The Unexpected Beneficiaries of Sex-Selective Abortion
The increasingly prevalent practice of sex-selective abortion in several Asian countries -- the product of modern medical techniques meeting ancient gender prejudices -- is a rare issue that has managed to shock the consciences of Western religious conservatives and feminists. Its effects have been dramatic: According to India's 2011 census, there were only 914 girls age 6 or younger for every 1,000 boys; in China, there were 118 males for every 100 females in 2010.
While most attention has focused on the millions of "missing women," as Nobel laureate Amartya Sen famously called them, the effects of sex-selective abortion, particularly on the girls who are born, turns out not to be quite so simple. A 2011 study by economists from the Federal Reserve Bank of Chicago and Tel Aviv University found that areas of India where prenatal sex selection was more prevalent also saw lower rates of malnutrition among girls, particularly in rural areas.
The reason: When no prenatal selection is taking place, families tend to continue having children until they have a boy. Due to ultrasound technology and abortion, families may have fewer girls, but those who are born are better fed.
This finding isn't likely to convince anyone of the merits of sex-selective abortion. But it is nearly a truism in international development that greater female empowerment correlates with smaller family sizes. New census data also suggest that Indian women are enjoying greater literacy, better health care, and more workplace participation, which will hopefully reduce birth rates further in a way less closely tied to ugly prejudice.
Iran's Sex-Change Solution
In 2007, Iranian President Mahmoud Ahmadinejad famously proclaimed to an audience at Columbia University that "in Iran we don't have homosexuals like in your country." This is certainly not true, though the Iranian government does its best to make it so by meting out harsh punishments -- homosexuality is a crime and can be punishable by death -- and through its surprising policy of tolerating what is known as "sex-reassignment" surgery.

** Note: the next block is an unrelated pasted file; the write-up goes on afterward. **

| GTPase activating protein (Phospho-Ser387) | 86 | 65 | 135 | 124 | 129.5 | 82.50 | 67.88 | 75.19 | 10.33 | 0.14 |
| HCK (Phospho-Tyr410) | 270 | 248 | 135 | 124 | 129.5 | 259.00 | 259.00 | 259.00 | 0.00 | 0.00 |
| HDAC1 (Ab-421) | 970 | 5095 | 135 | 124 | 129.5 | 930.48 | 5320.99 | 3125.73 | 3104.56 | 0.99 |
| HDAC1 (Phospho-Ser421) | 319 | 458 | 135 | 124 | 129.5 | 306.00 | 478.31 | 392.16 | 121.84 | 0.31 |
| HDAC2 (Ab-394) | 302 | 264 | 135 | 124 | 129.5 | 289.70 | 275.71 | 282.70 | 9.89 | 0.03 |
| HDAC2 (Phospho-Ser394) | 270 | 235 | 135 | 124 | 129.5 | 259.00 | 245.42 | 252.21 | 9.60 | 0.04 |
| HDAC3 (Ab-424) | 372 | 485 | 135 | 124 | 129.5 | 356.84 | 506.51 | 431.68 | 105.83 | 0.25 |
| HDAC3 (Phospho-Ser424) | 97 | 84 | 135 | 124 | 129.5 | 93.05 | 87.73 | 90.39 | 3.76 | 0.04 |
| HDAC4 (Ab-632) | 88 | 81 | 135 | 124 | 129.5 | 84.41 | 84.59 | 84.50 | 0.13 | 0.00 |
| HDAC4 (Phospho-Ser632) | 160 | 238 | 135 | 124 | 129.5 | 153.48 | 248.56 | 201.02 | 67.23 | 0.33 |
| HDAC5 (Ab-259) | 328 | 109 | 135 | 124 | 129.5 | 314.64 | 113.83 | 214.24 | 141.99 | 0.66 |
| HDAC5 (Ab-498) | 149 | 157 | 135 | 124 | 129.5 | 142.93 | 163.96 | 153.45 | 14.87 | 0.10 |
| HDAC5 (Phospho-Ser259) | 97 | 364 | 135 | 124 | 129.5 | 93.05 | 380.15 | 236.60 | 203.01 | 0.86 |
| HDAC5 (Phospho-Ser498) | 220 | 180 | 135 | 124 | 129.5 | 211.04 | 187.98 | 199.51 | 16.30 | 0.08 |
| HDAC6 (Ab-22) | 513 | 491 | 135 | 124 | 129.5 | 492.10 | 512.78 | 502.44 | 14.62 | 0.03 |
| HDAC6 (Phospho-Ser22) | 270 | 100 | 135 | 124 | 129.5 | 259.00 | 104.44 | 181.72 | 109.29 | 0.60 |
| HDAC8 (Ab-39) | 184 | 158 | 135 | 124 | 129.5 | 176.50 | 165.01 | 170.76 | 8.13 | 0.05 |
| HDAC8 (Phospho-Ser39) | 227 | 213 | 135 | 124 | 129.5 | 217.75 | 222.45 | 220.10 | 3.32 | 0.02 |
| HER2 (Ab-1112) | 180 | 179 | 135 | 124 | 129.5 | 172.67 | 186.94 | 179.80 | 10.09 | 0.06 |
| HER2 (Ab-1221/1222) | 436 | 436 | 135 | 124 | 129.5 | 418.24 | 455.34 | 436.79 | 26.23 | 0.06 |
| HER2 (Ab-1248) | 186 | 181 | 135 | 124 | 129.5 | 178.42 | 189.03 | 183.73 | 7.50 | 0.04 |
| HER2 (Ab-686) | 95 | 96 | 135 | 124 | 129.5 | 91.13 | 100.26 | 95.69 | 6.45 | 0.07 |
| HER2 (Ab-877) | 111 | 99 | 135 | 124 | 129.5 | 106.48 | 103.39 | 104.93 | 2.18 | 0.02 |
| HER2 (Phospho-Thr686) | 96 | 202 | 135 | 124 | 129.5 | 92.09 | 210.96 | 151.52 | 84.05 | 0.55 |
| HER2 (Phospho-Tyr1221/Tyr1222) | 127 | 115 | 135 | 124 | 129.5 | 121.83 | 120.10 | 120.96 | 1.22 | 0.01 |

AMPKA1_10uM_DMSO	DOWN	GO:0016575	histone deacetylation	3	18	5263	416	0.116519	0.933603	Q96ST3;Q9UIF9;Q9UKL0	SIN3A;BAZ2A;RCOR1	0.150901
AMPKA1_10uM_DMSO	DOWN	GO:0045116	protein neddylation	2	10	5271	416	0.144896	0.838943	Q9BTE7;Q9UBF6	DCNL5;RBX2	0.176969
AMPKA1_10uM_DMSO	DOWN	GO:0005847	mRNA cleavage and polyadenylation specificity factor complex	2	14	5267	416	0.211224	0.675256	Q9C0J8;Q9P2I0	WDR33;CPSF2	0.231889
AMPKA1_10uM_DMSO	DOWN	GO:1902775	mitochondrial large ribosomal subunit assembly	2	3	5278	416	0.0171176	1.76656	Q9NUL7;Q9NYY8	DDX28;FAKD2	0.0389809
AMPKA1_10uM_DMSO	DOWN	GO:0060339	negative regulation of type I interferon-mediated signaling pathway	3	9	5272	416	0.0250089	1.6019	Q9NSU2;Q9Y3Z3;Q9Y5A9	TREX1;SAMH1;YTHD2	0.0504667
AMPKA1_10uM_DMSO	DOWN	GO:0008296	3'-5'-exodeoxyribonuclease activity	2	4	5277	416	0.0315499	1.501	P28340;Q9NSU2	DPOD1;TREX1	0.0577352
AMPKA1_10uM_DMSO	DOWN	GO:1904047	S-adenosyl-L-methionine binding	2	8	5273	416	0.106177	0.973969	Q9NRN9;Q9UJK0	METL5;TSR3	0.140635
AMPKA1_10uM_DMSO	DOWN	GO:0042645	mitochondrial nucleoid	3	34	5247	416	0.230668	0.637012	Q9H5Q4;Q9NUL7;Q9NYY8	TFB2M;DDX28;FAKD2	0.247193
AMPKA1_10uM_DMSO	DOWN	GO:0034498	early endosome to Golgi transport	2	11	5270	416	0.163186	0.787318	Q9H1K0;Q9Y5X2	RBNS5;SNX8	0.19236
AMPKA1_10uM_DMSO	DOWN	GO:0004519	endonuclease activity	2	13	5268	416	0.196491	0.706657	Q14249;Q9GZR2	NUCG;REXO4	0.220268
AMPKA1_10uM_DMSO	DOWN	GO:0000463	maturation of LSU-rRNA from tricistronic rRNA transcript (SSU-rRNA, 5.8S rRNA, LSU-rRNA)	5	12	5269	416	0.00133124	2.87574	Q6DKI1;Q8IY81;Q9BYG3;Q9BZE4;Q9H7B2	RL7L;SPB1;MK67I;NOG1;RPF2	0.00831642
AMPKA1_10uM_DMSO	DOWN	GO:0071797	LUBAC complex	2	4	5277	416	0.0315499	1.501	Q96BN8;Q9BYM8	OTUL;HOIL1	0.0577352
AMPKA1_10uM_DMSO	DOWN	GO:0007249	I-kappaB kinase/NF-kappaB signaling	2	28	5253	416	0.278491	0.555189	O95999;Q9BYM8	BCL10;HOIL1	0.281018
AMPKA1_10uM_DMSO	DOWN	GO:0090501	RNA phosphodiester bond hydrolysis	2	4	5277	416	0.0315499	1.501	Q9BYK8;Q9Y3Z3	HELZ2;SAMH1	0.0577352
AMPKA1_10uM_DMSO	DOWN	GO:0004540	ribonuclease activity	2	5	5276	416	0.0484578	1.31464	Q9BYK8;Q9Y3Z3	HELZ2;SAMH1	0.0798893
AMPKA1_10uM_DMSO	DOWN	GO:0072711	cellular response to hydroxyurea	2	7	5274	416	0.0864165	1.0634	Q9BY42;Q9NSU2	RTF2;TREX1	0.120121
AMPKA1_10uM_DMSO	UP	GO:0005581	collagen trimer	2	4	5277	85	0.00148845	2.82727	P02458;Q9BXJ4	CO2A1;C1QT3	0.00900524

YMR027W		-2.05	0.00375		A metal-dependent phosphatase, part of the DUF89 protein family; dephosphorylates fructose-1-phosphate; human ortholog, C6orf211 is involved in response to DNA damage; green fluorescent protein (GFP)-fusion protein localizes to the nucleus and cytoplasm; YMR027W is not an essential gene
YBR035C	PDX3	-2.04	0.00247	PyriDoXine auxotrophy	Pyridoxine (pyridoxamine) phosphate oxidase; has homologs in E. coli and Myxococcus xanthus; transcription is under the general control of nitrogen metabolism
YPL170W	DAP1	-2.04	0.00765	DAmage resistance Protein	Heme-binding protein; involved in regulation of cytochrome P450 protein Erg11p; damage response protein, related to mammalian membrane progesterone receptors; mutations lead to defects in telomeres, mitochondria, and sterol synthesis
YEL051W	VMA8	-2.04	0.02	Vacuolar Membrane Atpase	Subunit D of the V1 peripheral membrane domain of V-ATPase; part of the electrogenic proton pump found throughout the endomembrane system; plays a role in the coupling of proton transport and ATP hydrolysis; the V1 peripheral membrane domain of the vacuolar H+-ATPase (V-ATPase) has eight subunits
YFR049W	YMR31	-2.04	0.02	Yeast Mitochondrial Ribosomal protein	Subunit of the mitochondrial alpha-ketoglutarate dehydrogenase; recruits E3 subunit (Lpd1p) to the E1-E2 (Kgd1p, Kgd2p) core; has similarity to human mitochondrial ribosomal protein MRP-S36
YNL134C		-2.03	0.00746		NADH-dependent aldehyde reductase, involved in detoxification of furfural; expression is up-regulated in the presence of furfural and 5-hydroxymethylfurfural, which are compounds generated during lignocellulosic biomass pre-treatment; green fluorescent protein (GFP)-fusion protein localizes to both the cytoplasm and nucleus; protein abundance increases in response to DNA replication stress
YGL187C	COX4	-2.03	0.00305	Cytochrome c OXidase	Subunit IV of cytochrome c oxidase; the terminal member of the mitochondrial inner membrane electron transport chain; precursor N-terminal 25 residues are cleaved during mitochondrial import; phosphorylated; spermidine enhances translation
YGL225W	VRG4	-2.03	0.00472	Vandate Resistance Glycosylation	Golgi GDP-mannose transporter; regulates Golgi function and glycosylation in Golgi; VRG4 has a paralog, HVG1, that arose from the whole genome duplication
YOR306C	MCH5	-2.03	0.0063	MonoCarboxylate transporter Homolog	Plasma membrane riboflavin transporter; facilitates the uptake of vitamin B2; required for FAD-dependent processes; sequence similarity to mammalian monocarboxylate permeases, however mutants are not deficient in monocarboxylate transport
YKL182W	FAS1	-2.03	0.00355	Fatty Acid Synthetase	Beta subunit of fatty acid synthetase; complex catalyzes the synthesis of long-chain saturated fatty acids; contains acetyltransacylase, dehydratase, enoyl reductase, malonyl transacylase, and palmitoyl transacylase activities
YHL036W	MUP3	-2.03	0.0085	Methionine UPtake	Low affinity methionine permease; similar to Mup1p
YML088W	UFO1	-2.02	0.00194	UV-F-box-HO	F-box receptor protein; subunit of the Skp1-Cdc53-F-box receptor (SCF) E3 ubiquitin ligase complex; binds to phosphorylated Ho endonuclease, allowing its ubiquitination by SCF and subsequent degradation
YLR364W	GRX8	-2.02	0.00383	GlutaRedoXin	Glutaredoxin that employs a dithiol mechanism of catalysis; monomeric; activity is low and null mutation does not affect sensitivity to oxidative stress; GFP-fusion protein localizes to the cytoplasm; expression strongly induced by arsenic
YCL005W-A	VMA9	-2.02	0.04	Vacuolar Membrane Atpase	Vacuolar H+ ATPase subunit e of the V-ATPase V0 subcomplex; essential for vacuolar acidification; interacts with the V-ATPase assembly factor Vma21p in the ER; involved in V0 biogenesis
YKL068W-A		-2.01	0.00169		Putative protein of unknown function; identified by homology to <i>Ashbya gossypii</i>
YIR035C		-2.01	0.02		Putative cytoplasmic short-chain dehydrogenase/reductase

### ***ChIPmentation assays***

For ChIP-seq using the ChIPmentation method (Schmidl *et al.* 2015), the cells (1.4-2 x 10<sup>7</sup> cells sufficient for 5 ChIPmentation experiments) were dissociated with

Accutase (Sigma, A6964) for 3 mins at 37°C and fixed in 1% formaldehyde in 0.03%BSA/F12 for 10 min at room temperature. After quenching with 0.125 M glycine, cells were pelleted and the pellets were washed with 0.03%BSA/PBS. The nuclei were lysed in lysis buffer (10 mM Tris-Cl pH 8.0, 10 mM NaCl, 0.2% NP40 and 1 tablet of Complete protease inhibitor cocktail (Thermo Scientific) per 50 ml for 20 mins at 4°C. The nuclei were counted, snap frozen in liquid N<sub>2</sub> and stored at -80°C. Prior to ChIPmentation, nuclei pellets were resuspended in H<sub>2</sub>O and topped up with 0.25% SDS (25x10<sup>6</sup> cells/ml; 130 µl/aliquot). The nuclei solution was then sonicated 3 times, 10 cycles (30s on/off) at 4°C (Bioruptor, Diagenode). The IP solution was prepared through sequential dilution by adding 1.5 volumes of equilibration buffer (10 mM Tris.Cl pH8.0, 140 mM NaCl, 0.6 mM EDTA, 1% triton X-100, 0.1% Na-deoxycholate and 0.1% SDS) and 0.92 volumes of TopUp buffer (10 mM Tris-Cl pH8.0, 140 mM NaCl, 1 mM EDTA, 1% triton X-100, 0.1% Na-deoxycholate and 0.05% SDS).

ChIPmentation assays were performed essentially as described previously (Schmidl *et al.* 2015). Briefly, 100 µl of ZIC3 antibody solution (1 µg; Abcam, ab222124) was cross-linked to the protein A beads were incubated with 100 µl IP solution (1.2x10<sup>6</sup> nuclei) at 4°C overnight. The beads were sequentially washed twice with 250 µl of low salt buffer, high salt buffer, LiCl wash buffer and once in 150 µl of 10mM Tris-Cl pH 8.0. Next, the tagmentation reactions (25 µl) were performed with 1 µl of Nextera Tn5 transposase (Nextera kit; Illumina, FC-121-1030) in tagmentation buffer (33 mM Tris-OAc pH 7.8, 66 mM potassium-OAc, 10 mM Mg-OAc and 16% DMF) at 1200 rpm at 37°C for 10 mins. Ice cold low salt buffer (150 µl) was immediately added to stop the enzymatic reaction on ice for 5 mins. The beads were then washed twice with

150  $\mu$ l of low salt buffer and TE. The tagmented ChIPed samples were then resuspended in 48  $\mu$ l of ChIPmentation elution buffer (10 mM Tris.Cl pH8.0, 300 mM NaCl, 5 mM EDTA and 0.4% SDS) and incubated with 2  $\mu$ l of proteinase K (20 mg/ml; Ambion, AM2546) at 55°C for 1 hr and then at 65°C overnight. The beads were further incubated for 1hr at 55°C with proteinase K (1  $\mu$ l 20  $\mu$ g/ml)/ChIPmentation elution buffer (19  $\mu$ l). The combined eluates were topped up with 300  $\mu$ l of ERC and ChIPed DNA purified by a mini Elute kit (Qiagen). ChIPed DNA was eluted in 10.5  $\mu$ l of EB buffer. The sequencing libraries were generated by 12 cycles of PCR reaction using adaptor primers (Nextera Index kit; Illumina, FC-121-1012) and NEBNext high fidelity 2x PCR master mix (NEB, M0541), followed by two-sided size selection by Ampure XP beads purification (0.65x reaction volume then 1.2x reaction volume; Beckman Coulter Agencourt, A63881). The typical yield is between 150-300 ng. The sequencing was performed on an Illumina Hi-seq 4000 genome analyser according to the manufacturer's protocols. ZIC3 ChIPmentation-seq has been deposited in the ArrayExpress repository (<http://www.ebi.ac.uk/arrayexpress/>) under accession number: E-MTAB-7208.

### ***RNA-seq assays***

Sex-change operations have been legal in Iran for more than two decades, ever since Ayatollah Ruhollah Khomeini issued a fatwa authorizing them for "diagnosed transsexuals." As of 2008, Iran carried out the second-highest number of sex-change operations of any country, after Thailand. Many procedures are undergone by young gay men who fear imprisonment or death if they persist in seeking same-sex relationships.
When it comes to homosexuality, "Islam has a cure for people suffering from this problem," Hojatol Islam Muhammad Mehdi Kariminia, the cleric responsible for sex reassignment, told the BBC. He added that while homosexuals are doing something unnatural in violation of Islam, a sex change is no more sinful than "changing wheat to flour to bread."
Paying for (Safer) Sex
What's the best way to stop the spread of HIV? Two recent studies conducted in Malawi -- which has an 11 percent HIV prevalence rate in adults, one of the world's highest -- suggest that money speaks louder than words.
In one study, participants were given a small sum of money to learn their HIV status. Those who received the money were nearly twice as likely to get tested as those who did not. This makes a significant difference because sexually active, HIV-positive people who know their status are three times more likely to purchase condoms and thus prevent the further spread of the disease.
In another study, young women were randomly selected to receive monthly payments between $1 and $5. Those who received the money were half as likely to contract HIV as those who did not. The reasons were simple: The young women receiving the money were far more likely to go to school and avoid sex with older partners. The results suggest that this strategy may be even more effective than paying for sex education programs.
Paying people to engage in more responsible behavior may seem like dubious public policy. But consider the devastating toll AIDS has taken, especially in sub-Saharan Africa. Unsafe sex, it turns out, may be a problem you actually can throw money at.